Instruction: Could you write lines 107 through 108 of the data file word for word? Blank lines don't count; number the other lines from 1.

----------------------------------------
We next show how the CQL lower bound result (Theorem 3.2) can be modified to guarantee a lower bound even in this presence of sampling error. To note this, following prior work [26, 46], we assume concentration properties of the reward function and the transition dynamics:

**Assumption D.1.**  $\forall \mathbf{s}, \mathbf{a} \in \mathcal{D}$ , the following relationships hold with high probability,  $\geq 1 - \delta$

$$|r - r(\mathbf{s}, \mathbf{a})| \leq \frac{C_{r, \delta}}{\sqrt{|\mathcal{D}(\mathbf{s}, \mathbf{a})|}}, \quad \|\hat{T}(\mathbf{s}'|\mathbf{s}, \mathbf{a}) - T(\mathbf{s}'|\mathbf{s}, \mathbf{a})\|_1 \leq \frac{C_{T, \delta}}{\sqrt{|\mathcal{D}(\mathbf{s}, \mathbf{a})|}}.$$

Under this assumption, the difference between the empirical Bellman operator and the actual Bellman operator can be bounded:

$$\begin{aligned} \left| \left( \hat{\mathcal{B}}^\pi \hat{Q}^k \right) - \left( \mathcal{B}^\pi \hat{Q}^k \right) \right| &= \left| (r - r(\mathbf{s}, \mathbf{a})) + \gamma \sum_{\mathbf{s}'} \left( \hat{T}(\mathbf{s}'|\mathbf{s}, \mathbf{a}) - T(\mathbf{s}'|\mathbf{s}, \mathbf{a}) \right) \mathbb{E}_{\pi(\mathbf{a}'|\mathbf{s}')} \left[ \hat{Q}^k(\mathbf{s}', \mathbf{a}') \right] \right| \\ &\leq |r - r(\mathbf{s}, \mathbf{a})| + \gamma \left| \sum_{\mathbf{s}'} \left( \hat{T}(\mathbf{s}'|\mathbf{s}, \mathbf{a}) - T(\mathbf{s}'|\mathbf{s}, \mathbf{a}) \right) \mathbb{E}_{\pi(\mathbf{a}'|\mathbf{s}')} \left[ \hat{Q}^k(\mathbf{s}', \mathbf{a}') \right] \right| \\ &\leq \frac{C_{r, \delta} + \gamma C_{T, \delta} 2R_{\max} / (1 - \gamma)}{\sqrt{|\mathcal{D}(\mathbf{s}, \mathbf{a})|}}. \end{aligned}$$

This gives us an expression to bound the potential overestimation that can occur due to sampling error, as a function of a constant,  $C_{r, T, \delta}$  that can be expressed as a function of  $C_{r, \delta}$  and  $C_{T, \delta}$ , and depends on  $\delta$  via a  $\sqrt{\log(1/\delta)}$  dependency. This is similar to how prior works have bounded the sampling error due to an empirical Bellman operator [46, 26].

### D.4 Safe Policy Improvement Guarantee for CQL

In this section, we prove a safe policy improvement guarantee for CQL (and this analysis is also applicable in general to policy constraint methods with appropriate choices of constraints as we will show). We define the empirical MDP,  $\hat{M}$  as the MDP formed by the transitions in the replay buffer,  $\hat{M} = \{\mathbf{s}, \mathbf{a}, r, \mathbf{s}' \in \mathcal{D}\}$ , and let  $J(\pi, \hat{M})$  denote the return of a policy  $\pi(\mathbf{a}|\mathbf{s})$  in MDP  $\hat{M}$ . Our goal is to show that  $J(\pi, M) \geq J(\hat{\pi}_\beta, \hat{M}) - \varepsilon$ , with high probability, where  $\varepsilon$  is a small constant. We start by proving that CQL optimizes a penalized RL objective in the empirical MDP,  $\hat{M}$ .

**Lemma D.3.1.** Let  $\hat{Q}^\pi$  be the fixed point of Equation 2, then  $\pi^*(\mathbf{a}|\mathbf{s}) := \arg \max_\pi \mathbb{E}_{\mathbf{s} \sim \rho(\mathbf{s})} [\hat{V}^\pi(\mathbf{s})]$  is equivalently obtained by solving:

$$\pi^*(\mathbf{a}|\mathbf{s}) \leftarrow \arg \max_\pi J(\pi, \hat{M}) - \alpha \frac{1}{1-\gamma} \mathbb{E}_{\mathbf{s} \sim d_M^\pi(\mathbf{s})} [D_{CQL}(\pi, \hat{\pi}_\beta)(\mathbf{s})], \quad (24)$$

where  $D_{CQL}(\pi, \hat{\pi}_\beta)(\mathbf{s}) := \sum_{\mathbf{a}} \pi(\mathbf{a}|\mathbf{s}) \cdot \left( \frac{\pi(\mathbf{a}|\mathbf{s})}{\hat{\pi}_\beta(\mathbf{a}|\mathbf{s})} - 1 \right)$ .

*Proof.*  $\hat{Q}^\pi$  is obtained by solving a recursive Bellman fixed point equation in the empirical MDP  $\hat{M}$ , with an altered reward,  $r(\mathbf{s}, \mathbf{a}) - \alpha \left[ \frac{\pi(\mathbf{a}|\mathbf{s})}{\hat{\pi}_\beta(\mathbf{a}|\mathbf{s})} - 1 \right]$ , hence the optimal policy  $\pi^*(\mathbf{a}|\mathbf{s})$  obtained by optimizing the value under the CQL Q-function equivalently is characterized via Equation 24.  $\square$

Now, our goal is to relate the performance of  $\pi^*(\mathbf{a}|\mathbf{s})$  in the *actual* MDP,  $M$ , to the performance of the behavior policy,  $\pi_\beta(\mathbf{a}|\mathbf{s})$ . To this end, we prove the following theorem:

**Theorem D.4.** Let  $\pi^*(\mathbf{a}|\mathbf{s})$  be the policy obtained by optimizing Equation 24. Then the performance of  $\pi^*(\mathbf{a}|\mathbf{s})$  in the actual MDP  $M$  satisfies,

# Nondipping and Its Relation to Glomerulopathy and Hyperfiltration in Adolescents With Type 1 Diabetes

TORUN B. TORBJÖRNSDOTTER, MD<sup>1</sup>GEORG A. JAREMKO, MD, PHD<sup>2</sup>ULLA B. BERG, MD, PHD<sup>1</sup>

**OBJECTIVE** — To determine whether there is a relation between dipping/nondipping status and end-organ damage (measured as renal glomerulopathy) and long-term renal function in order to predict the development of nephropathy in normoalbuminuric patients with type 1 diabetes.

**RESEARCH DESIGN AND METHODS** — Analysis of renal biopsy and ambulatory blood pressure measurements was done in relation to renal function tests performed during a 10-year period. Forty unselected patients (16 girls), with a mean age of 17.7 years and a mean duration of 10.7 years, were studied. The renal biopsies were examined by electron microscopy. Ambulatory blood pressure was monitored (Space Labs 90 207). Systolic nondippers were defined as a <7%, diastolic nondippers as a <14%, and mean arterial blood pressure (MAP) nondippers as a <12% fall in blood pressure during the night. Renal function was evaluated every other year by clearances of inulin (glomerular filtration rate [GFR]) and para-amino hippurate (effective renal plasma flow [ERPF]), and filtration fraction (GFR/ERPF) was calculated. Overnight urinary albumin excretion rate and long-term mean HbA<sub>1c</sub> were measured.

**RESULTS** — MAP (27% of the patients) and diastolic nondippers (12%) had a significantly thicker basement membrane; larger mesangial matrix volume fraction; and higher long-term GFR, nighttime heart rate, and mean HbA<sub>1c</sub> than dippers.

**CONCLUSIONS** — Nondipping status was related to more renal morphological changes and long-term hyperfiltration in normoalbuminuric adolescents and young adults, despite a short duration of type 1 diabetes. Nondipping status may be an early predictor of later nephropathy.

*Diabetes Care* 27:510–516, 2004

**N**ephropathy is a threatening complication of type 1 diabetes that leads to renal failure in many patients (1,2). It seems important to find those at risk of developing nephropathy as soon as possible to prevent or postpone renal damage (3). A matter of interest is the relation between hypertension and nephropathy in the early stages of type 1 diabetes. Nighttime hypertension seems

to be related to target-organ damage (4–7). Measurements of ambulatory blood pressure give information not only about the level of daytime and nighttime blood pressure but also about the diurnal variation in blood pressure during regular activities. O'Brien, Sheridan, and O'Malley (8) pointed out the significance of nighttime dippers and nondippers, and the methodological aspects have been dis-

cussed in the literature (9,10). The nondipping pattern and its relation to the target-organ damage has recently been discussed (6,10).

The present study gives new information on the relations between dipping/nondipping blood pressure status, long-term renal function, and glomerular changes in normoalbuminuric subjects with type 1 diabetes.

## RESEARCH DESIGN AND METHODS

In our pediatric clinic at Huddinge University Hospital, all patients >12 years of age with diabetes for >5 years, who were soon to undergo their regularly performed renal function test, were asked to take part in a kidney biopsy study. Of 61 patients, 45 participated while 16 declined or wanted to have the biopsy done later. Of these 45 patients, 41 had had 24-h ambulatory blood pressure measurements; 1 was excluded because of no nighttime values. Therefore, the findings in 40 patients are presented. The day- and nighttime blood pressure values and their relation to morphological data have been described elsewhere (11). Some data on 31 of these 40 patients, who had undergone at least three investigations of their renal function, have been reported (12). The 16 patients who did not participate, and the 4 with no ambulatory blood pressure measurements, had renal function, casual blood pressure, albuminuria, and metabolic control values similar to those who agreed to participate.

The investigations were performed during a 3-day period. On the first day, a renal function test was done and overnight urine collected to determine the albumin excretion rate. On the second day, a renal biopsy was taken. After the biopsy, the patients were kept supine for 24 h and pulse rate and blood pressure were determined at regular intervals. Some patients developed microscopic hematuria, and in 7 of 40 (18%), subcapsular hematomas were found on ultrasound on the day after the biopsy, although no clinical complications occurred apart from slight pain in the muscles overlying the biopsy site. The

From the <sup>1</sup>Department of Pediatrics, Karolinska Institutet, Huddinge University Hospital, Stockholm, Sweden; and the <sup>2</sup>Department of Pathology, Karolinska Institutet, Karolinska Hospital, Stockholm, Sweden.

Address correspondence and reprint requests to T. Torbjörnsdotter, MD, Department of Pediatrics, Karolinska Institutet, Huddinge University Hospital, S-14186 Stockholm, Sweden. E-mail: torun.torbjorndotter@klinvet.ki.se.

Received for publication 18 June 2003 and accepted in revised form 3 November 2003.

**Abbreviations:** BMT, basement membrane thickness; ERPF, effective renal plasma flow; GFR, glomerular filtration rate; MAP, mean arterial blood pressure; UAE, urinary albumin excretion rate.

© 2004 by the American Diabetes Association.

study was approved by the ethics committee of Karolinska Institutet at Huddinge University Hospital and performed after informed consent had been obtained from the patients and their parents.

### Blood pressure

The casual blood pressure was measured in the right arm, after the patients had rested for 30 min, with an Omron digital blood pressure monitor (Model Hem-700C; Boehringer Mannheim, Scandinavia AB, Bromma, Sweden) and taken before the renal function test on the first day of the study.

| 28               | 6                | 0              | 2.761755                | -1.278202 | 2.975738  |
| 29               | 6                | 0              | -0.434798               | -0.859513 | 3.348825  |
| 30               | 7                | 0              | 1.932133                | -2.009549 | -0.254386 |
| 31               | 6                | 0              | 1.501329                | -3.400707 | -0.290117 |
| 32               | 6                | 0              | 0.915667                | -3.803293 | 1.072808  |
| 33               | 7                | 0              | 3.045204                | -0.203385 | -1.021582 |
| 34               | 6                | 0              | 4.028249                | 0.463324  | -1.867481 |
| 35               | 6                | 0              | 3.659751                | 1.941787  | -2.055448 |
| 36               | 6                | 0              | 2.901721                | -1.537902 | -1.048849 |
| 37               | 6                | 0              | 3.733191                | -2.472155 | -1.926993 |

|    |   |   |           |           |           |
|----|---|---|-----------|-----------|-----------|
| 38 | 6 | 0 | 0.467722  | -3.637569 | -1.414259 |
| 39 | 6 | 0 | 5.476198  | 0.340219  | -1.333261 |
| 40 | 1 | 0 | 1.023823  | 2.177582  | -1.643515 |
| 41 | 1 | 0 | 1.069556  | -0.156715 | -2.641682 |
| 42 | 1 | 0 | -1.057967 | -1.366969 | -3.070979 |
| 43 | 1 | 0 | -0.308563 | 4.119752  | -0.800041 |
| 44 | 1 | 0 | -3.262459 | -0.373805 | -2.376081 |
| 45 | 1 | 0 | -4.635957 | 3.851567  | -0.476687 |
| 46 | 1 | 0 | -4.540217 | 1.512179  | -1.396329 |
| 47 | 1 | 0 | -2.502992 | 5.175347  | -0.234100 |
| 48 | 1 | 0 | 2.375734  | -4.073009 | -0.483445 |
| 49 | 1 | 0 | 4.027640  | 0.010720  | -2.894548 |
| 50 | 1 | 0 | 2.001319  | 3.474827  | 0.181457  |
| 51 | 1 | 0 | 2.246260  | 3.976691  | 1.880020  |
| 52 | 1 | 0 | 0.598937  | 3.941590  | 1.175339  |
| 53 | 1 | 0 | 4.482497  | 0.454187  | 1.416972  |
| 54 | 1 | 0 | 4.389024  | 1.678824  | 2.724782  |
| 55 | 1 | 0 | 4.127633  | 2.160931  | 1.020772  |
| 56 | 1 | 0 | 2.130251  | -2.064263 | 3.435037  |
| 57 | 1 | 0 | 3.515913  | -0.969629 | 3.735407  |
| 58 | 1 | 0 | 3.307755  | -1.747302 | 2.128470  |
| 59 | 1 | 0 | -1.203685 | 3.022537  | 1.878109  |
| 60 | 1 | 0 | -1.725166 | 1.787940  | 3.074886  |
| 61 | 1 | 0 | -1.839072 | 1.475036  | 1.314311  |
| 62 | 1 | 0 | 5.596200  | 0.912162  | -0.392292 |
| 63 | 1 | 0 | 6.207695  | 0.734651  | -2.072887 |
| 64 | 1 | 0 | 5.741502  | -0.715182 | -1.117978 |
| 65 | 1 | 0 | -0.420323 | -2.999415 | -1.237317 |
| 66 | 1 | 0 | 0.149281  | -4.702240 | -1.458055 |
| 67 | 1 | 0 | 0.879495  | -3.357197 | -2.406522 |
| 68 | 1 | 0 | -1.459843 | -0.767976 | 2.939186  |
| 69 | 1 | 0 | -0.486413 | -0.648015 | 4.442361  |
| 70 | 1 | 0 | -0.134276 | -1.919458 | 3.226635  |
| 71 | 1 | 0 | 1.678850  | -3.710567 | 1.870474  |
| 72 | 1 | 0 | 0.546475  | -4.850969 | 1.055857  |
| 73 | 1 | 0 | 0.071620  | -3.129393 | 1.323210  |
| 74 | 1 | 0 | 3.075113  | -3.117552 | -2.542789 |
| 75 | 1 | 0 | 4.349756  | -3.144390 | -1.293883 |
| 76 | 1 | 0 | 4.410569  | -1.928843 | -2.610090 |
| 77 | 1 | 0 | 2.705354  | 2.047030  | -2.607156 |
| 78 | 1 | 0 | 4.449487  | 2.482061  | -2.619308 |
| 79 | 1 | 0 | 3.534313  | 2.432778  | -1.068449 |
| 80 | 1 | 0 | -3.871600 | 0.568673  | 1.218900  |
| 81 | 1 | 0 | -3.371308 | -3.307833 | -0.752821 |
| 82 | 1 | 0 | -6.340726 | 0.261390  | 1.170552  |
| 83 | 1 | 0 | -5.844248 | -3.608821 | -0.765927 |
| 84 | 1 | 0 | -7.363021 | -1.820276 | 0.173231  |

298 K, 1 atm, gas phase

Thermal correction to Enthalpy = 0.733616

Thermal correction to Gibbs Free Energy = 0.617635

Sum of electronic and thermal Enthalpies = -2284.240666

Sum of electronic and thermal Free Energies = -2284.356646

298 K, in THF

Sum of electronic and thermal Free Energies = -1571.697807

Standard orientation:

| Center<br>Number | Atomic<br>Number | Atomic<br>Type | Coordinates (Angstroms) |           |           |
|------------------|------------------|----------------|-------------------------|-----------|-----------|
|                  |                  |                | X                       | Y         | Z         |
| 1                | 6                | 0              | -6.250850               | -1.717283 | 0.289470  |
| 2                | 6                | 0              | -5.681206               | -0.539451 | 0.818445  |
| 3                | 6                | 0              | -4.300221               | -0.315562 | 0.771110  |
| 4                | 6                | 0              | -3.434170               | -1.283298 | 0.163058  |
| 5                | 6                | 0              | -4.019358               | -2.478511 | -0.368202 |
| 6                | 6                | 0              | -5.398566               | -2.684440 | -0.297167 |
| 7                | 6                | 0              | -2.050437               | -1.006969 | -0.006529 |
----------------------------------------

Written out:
| 1                | 6                | 0              | -6.250850               | -1.717283 | 0.289470  |
| 2                | 6                | 0              | -5.681206               | -0.539451 | 0.818445  |